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Texture Ballet finds inspiration in music

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At its best, dance maintains a delicious mystery about it, coupled with a flickering play of movement that illuminates the imagination. Texture Contemporary Ballet will be toying with "Shades of Light" in its performances this week at the New Hazlett Theater, North Side.

Although the company is only in its third season, founder and artistic director Alan Obuzor is looking for the "shadow and depth and perspective" in his own life and in those around him. They will emerge in a trio of works, including associate artistic director Kelsey Bartman's world premiere, "This," set to music by Icelandic composer Valgeir Sigurosson, and a pair of ballets by Mr. Obuzor.

‘Shades of Light’

Where: Texture Contem­porary Ballet at New Hazlett Theater, North Side.

When: 8 p.m. Friday and Saturday; 2 p.m. Sunday.

Tickets: $20 in advance at; $25 at the door.

He will be "Looking Back and Moving Forward" in a piece that came about through the Kelly Strayhorn Theater's Fresh Works program, a creative laboratory for Pittsburgh choreographers in which they receive 80 hours of rehearsal at The Alloy Studios to forge a cross-genre collaboration.

The Texture choreographer chose songstress Anqwenique Wingfield, whom he came across at a local performing arts series several years ago. He wanted to create dance instances in which audience members also could recall memories from their past.

Because feelings dominated the work, Ms. Wingfield chose songs that might fit Mr. Obuzor's concept. For example, "Lush Life" evoked the image of an old-time jazz club, a smoky setting that took a step back in time. The choreography tried to capture the sentiments and connections that might have blossomed there. Various duets subsequently pulled emotions from relationships that the viewer might have -- a mother, an uncle, a best friend.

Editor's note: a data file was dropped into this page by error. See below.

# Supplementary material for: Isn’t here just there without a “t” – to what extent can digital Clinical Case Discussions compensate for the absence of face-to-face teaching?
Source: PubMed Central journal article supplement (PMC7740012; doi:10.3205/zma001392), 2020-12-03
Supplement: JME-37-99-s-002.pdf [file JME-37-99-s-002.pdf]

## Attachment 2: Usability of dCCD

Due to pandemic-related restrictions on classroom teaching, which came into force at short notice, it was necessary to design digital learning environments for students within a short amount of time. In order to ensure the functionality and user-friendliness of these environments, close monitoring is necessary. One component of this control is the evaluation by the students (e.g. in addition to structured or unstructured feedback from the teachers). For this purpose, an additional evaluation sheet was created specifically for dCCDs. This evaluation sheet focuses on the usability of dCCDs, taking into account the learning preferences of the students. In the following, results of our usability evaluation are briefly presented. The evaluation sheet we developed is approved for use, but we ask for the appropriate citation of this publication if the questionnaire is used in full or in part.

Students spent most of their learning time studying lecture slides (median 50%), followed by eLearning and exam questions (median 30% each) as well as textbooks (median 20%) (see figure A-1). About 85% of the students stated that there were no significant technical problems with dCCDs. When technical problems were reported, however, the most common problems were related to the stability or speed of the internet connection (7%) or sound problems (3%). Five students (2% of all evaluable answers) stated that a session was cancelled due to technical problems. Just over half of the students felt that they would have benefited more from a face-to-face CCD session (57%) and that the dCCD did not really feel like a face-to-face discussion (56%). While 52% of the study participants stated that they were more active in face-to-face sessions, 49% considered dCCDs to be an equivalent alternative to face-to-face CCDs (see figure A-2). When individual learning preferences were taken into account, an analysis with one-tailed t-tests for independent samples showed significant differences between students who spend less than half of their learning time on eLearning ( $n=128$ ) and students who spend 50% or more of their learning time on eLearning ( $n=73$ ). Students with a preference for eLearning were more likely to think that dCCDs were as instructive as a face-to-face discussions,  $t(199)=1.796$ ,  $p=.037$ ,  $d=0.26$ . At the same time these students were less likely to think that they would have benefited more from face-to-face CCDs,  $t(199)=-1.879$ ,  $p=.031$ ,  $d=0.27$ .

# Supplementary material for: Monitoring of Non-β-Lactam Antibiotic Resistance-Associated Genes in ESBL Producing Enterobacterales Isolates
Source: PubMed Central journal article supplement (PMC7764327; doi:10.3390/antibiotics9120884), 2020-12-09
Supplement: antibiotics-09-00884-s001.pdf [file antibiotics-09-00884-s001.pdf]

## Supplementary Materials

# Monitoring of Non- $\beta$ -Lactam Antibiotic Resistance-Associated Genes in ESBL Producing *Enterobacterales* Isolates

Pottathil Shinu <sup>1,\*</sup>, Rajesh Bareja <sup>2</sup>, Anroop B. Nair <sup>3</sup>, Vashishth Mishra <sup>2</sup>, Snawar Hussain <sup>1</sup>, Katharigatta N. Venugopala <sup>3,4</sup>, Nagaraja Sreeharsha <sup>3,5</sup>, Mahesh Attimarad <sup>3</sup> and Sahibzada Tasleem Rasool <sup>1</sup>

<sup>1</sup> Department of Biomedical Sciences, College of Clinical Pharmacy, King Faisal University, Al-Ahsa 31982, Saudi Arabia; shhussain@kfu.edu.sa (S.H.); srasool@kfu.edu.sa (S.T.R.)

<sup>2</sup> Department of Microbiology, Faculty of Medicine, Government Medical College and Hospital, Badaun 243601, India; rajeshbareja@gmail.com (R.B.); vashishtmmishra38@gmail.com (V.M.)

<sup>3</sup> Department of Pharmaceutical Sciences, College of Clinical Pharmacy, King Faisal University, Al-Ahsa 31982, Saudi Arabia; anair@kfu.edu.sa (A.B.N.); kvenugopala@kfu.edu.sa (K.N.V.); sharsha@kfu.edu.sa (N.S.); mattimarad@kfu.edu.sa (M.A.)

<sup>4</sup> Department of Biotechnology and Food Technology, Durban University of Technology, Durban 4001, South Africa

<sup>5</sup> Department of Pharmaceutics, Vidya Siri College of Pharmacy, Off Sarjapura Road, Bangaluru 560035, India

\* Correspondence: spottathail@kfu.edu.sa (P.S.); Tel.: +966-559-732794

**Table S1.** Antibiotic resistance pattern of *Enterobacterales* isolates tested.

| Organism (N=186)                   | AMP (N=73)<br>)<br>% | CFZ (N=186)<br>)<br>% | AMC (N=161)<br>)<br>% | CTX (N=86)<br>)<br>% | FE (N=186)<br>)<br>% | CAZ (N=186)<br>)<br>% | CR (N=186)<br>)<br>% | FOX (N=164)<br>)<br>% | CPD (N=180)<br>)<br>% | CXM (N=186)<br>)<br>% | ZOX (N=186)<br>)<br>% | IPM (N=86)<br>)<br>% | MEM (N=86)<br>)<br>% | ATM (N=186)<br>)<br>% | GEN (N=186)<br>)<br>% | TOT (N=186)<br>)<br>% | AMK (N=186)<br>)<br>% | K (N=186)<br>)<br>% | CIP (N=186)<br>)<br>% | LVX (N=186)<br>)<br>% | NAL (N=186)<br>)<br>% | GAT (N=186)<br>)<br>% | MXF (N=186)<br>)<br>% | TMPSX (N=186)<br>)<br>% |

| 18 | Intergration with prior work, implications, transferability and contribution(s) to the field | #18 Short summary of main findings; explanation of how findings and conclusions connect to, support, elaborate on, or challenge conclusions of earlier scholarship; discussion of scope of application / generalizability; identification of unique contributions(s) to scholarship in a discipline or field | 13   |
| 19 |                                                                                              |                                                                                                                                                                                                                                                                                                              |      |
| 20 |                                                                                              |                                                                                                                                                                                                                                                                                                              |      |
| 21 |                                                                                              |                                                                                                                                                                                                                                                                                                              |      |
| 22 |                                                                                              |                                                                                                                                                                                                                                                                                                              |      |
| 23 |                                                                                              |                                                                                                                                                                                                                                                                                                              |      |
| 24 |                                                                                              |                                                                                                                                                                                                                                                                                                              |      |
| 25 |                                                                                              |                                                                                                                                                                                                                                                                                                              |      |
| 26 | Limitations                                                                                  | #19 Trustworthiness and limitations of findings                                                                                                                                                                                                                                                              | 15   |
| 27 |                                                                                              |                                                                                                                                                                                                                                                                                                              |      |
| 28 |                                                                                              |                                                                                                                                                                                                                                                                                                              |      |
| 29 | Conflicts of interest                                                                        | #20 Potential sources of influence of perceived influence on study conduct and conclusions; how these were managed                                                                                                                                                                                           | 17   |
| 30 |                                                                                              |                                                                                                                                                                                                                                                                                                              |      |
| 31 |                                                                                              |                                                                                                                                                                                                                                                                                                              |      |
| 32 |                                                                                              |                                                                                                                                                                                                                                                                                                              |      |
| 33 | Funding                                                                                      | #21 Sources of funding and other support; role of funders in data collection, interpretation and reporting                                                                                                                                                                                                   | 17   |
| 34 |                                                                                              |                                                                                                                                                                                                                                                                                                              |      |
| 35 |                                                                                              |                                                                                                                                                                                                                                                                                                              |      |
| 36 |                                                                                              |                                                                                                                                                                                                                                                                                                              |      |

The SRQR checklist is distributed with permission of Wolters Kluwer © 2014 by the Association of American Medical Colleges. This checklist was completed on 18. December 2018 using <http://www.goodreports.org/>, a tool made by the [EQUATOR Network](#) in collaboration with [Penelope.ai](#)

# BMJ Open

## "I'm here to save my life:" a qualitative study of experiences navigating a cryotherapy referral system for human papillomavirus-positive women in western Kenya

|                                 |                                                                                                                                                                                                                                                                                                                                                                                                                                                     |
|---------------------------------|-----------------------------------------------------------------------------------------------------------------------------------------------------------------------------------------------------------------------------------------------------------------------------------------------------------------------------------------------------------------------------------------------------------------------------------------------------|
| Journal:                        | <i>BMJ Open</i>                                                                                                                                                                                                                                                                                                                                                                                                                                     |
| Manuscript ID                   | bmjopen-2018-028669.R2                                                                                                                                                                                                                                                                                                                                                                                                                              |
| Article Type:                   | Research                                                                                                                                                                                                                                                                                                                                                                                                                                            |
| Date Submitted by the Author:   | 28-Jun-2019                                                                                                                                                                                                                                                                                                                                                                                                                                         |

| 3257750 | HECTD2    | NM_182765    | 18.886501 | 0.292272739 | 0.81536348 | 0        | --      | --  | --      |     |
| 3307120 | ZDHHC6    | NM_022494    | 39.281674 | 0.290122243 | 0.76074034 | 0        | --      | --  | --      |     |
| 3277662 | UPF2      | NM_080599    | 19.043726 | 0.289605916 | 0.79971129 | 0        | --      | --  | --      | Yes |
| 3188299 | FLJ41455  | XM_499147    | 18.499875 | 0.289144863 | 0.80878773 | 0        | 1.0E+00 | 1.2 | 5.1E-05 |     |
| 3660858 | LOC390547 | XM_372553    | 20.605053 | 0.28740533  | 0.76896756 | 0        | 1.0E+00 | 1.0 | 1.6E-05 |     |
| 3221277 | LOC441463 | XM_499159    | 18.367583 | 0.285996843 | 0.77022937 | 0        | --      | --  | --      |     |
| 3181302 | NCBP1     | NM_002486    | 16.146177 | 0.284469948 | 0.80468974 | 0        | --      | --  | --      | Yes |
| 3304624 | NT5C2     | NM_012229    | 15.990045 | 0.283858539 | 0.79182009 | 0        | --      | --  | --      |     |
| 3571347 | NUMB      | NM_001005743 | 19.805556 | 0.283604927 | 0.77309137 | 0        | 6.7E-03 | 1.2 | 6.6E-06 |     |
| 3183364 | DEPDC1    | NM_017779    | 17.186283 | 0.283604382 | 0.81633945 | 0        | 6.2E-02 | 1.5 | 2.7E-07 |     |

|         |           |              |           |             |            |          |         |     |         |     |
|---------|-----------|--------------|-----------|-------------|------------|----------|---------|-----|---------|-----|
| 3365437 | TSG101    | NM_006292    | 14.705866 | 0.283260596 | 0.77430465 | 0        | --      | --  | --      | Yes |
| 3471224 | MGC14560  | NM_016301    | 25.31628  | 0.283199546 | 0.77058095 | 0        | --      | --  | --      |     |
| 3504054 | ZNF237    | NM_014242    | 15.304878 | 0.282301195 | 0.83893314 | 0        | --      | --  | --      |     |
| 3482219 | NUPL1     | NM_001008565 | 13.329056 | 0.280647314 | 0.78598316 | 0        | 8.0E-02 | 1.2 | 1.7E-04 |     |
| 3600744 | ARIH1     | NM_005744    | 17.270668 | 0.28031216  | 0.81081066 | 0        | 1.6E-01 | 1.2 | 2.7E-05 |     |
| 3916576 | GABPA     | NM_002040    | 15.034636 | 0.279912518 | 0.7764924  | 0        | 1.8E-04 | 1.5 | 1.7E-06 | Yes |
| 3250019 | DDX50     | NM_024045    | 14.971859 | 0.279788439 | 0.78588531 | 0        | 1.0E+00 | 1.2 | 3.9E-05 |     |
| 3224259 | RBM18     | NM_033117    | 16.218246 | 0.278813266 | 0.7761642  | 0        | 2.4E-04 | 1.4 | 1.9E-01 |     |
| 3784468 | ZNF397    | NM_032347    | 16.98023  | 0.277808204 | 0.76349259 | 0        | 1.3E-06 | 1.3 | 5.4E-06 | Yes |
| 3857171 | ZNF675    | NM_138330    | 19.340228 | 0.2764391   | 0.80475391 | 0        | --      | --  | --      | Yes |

He also will present the Pittsburgh premiere of "Take ... Taken ... Taking," a piece that was first performed in New York City at Ailey Citigroup Theater in February on a program with Ariel Rivka Dance and Trainor Dance.

Here Mr. Obuzor was inspired by Philip Glass' second violin concerto for soloist and strings. He had choreographed the middle section as a solo for himself at the Kelly Strayhorn's newMoves festival last year and decided that the New York event was a good opportunity to complete the piece.

"I loved the quality of the string instruments -- they're touching and moving, almost like a person's voice," he says. "And I love the way the music is layered and builds on itself. The rich, thick nature of it all lends itself to many interpretations. It's music where you can put 45 steps in half a second or you can do absolutely nothing for a minute."

But one thing is certain: Mr. Obuzor is not one to sit still and do nothing. The past year he has been busy, with numerous performing opportunities in Pittsburgh, Chicago, New York and the historic Jacob's Pillow in Massachusetts.

"The dancers are absolutely amazing and are what makes the whole thing possible," he says humbly, although it all followed his nomination as one of Dance Magazine's 25 to Watch in 2013.

Mr. Obuzor also realizes that he must grow the nonartistic side of the company -- development, name recognition, a smooth running of the business. "That comes with time and manpower," he says, alluding to the many inside and outside of the company who have given their support.

Bottom line: He's an artist willing to talk the talk, walk the walk and dance the dance -- so vitally important in the evolution and success of Texture.

Former Post-Gazette critic Jane Vranish can be reached at She blogs at

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